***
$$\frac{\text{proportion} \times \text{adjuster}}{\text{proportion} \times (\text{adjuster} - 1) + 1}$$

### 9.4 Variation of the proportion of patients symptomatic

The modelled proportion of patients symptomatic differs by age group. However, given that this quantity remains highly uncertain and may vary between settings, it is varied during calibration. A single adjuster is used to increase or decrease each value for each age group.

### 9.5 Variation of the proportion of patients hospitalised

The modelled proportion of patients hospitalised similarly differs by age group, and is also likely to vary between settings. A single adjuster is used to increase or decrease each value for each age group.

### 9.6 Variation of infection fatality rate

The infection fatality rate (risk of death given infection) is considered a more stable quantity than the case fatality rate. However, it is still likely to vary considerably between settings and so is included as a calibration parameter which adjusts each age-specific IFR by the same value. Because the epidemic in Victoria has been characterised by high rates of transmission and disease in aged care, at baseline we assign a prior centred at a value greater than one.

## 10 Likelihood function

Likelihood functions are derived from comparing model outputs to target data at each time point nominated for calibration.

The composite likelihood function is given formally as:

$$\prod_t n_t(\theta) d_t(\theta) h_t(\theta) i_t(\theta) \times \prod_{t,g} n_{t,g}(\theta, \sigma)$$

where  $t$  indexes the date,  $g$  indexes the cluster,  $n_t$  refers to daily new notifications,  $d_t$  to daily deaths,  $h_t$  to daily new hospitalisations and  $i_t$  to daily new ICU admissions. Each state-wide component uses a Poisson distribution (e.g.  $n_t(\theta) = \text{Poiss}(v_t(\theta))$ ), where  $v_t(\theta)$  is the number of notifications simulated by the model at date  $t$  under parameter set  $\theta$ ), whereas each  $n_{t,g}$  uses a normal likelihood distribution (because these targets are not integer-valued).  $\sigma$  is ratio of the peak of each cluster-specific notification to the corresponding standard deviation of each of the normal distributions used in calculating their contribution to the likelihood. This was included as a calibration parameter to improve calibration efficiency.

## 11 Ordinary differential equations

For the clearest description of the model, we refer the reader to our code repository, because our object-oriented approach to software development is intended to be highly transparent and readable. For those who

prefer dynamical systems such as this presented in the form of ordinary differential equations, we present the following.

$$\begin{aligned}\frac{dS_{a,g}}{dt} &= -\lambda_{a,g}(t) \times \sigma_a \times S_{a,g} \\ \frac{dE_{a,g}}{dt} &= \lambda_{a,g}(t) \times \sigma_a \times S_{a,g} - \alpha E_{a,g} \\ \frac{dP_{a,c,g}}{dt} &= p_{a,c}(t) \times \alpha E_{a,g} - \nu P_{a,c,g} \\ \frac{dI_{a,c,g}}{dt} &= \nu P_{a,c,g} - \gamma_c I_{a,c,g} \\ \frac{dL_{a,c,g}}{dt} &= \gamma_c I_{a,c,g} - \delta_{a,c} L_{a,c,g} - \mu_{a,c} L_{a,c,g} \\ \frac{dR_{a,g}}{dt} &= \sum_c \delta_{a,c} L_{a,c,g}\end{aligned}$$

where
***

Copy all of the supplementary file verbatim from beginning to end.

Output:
$$\frac{\text{proportion} \times \text{adjuster}}{\text{proportion} \times (\text{adjuster} - 1) + 1}$$

### 9.4 Variation of the proportion of patients symptomatic

The modelled proportion of patients symptomatic differs by age group. However, given that this quantity remains highly uncertain and may vary between settings, it is varied during calibration. A single adjuster is used to increase or decrease each value for each age group.

### 9.5 Variation of the proportion of patients hospitalised

The modelled proportion of patients hospitalised similarly differs by age group, and is also likely to vary between settings. A single adjuster is used to increase or decrease each value for each age group.

### 9.6 Variation of infection fatality rate

The infection fatality rate (risk of death given infection) is considered a more stable quantity than the case fatality rate. However, it is still likely to vary considerably between settings and so is included as a calibration parameter which adjusts each age-specific IFR by the same value. Because the epidemic in Victoria has been characterised by high rates of transmission and disease in aged care, at baseline we assign a prior centred at a value greater than one.

## 10 Likelihood function

Likelihood functions are derived from comparing model outputs to target data at each time point nominated for calibration.

The composite likelihood function is given formally as:

$$\prod_t n_t(\theta) d_t(\theta) h_t(\theta) i_t(\theta) \times \prod_{t,g} n_{t,g}(\theta, \sigma)$$

where  $t$  indexes the date,  $g$  indexes the cluster,  $n_t$  refers to daily new notifications,  $d_t$  to daily deaths,  $h_t$  to daily new hospitalisations and  $i_t$  to daily new ICU admissions. Each state-wide component uses a Poisson distribution (e.g.  $n_t(\theta) = \text{Poiss}(v_t(\theta))$ ), where  $v_t(\theta)$  is the number of notifications simulated by the model at date  $t$  under parameter set  $\theta$ ), whereas each  $n_{t,g}$  uses a normal likelihood distribution (because these targets are not integer-valued).  $\sigma$  is ratio of the peak of each cluster-specific notification to the corresponding standard deviation of each of the normal distributions used in calculating their contribution to the likelihood. This was included as a calibration parameter to improve calibration efficiency.

## 11 Ordinary differential equations

For the clearest description of the model, we refer the reader to our code repository, because our object-oriented approach to software development is intended to be highly transparent and readable. For those who

prefer dynamical systems such as this presented in the form of ordinary differential equations, we present the following.

$$\begin{aligned}\frac{dS_{a,g}}{dt} &= -\lambda_{a,g}(t) \times \sigma_a \times S_{a,g} \\ \frac{dE_{a,g}}{dt} &= \lambda_{a,g}(t) \times \sigma_a \times S_{a,g} - \alpha E_{a,g} \\ \frac{dP_{a,c,g}}{dt} &= p_{a,c}(t) \times \alpha E_{a,g} - \nu P_{a,c,g} \\ \frac{dI_{a,c,g}}{dt} &= \nu P_{a,c,g} - \gamma_c I_{a,c,g} \\ \frac{dL_{a,c,g}}{dt} &= \gamma_c I_{a,c,g} - \delta_{a,c} L_{a,c,g} - \mu_{a,c} L_{a,c,g} \\ \frac{dR_{a,g}}{dt} &= \sum_c \delta_{a,c} L_{a,c,g}\end{aligned}$$

where